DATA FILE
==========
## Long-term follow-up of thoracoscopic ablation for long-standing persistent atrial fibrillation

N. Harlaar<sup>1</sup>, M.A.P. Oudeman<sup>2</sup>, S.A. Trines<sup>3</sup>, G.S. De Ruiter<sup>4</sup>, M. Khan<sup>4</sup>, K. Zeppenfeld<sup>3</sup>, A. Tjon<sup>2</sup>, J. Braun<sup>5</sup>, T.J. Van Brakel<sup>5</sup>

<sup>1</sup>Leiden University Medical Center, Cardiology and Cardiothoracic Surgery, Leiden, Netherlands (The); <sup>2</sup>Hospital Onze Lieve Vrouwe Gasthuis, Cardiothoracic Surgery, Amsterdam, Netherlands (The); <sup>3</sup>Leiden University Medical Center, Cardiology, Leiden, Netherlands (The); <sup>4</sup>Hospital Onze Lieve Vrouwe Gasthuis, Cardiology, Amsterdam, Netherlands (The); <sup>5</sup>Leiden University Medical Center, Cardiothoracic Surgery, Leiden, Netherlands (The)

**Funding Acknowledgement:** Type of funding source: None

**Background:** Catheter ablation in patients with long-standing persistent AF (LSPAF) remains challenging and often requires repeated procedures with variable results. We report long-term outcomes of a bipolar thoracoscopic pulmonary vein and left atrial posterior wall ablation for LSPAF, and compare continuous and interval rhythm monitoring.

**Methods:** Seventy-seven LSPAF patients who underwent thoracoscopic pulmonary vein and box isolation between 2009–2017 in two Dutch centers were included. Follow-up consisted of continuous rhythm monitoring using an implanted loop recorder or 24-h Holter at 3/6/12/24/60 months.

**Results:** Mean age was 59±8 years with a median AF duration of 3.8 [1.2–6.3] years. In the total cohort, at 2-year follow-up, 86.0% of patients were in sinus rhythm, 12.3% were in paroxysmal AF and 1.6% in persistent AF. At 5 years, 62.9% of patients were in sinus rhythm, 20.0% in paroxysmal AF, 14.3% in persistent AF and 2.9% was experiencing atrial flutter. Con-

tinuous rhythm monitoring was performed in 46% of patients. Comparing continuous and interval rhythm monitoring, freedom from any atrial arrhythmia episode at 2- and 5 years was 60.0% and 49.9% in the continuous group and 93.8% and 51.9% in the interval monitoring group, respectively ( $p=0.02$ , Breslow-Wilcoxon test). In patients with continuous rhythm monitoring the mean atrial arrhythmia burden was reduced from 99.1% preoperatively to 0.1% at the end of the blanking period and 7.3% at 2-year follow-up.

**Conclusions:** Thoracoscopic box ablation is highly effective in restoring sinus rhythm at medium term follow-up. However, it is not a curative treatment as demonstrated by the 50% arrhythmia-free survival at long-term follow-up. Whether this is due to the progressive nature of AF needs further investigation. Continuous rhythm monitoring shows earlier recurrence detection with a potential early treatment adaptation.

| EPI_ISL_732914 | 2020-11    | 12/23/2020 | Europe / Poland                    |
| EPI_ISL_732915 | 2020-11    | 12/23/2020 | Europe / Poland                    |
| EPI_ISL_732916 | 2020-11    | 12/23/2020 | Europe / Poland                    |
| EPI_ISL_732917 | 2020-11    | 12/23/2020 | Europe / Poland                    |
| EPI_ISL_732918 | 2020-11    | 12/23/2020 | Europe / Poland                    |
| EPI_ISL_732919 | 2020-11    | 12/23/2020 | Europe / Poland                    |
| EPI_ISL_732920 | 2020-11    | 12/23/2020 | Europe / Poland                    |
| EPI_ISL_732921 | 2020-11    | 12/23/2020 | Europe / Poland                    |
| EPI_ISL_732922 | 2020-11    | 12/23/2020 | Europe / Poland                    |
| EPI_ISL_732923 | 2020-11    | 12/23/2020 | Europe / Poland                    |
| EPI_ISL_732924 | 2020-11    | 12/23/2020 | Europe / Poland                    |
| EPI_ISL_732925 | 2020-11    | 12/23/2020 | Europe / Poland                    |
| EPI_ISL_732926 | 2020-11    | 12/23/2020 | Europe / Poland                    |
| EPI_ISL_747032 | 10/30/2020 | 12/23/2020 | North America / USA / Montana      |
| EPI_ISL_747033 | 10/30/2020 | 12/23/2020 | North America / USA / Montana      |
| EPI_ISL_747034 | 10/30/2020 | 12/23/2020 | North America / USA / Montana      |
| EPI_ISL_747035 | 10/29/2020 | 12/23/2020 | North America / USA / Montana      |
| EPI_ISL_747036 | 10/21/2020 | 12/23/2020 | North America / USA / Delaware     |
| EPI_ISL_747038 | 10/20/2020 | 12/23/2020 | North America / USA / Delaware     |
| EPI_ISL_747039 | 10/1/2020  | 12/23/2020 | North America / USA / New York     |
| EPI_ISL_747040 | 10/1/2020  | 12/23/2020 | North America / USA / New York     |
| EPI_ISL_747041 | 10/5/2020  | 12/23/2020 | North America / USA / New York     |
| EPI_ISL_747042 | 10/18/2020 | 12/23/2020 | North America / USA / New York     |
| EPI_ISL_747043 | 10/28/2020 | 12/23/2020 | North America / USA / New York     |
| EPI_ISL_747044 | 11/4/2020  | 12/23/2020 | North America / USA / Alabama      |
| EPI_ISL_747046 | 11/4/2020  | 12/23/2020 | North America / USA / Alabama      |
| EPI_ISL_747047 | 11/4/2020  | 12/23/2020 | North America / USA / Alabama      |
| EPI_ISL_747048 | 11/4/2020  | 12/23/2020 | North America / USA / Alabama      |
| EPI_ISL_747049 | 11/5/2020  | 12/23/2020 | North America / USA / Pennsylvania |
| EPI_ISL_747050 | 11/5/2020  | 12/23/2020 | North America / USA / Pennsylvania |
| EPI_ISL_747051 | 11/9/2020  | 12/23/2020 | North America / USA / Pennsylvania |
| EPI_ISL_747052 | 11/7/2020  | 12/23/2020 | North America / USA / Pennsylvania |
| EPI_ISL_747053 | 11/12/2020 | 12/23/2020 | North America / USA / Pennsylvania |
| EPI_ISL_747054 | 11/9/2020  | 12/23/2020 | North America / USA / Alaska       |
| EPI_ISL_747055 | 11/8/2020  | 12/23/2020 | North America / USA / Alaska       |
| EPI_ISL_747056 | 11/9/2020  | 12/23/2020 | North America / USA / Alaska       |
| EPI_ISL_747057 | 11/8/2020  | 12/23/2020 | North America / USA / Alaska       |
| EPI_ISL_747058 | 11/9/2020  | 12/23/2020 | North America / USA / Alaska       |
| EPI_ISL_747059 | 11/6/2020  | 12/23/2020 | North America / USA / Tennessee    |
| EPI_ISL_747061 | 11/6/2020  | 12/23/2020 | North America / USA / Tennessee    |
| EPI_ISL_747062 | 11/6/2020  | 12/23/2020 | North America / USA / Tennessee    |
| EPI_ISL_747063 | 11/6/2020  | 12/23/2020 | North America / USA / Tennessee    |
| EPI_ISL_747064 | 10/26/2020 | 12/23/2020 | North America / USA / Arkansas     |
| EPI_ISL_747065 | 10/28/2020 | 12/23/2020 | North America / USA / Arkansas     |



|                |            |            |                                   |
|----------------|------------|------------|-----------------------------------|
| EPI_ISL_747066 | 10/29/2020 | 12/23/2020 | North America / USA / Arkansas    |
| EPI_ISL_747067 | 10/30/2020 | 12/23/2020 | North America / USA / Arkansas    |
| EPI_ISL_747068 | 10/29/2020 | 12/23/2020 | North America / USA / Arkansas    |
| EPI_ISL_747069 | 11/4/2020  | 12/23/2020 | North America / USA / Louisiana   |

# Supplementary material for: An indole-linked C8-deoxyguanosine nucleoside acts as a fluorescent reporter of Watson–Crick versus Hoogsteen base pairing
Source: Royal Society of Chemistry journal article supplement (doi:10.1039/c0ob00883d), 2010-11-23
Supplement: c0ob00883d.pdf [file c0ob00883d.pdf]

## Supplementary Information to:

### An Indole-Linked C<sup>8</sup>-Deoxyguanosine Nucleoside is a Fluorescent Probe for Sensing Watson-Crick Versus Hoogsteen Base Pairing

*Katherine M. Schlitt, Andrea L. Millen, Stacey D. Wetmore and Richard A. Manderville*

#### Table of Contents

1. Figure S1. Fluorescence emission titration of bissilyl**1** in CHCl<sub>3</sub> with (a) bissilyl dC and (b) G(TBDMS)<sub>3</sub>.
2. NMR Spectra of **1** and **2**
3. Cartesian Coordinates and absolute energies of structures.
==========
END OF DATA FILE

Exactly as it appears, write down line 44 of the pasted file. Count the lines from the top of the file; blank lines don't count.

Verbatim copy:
| EPI_ISL_747055 | 11/8/2020  | 12/23/2020 | North America / USA / Alaska       |